I don’t like to do things fast, but we didn’t have much of a choice to raise a tent before the election. I’ve learned a lot running on that fly, like how North Carolina is one of the last states in the Southeast with abortion access due to the hard work of advocates and changes in political leadership and how banning abortion nationwide would lead to a 21% increase in the number of pregnancy-related deaths. How by the age of 45, one in four women has had an abortion, and, most importantly, that the people most affected by attacks on reproductive freedoms already face so many barriers to all health care, including abortion —including women, Black, Indigenous, and other people of color, those working to make ends meet, LGBTQ+ people, young people, immigrant communities, people in rural communities, and people with disabilities. I’ve learned that Gov. Roy Cooper’s veto, North Carolina Supreme Court judges, a US Senate seat, and a handful of toss-up seats in the state legislature are about all that stand between us and significant rollbacks in reproductive freedoms in this state.
Most of all, I’ve learned that there is an entire ecosystem of rights connected to ensuring bodily autonomy for all, and it isn’t just about reproductive health care. It’s also about protecting voting rights, so our elected bodies reflect our values and communities. It’s about advancing racial justice so we aren’t leaving behind communities that have been systematically excluded from our society. It’s about gender equality and not allowing misogynistic and transphobic attitudes and beliefs to dictate our access to essential health care, the right to control our bodies and sexualities, and our ability to create the loving families that we desire.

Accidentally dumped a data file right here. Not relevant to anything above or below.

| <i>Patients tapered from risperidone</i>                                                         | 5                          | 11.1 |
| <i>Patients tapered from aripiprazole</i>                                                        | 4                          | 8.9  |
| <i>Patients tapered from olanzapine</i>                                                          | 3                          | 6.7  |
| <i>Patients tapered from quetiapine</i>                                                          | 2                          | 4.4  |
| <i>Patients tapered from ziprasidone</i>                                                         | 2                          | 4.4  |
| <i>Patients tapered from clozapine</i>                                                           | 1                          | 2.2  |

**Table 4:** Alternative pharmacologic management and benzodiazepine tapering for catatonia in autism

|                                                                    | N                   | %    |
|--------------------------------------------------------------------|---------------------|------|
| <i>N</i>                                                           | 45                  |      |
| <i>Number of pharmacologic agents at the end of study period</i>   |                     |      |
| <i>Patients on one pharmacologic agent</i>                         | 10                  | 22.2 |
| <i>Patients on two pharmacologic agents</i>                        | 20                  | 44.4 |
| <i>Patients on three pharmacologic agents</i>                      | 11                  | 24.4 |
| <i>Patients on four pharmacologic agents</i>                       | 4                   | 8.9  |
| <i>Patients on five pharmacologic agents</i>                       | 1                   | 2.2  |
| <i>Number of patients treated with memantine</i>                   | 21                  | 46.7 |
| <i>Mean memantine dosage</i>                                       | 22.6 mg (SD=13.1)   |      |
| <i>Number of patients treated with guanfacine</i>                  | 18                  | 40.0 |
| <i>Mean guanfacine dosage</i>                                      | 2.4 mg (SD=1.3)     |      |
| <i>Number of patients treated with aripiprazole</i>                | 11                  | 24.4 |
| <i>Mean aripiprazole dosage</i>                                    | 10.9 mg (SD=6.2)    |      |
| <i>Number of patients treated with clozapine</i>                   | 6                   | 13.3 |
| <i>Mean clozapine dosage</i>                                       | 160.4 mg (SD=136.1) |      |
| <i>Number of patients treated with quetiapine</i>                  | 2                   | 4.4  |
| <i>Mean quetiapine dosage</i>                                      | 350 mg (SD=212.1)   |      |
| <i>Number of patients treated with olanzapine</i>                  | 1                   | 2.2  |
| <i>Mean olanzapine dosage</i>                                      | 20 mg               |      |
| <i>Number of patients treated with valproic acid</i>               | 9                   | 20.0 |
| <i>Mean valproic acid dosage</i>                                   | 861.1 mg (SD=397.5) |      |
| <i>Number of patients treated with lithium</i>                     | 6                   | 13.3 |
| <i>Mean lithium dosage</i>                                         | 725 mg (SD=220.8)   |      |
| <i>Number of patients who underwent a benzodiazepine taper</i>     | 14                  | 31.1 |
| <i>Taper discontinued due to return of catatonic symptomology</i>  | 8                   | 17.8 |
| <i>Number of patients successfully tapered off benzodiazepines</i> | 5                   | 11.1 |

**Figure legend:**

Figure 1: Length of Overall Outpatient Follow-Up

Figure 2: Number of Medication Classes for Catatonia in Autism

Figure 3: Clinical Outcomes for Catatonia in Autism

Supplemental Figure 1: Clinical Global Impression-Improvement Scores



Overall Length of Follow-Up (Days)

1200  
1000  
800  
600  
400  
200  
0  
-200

My hope is that we can use what we’ve learned and learn even more as we replicate this template-in-learning. Asking people into the circle is not about a heavy lift but about coming together to carry the weight. Before the show on Sunday, the organizations involved are going to educate us — the musicians — about what they do, and I can promise you I’m already overwhelmed by the nuances of working for social justice and how hard the people pushing that stone work in every election. Can a performance collective make positive change through community building and storytelling about things that need attention right now? I hope so. I hope we can make change by looking outside our silos and talking about how much good work is being done in the world and how much there is left to do. I know we can sing in a little comfort and remind each other that we are all in this together for the long haul. Maybe that’s not much, but it is something.
All the musicians on this bill want their fans to know what is at stake in this election. In the words of my friend Tara Romano, it is going to take VOTING and ACTION from all of us to protect abortion access in North Carolina. There is an ecosystem of rights connected to bodily autonomy, and we need to raise awareness about all of them. Music can amplify stories that need to be told, so let’s all join in loudly.
Finding an adequate response to the unceasing events of the world at present — creatively, practically, daily — is an overwhelming task. But shining our shared lights on the issues at hand as well as each other is a place to start, to make not only a loving noise but a loving path forward.
Election Day is Tuesday, Nov. 8. Visit vote.org for more information.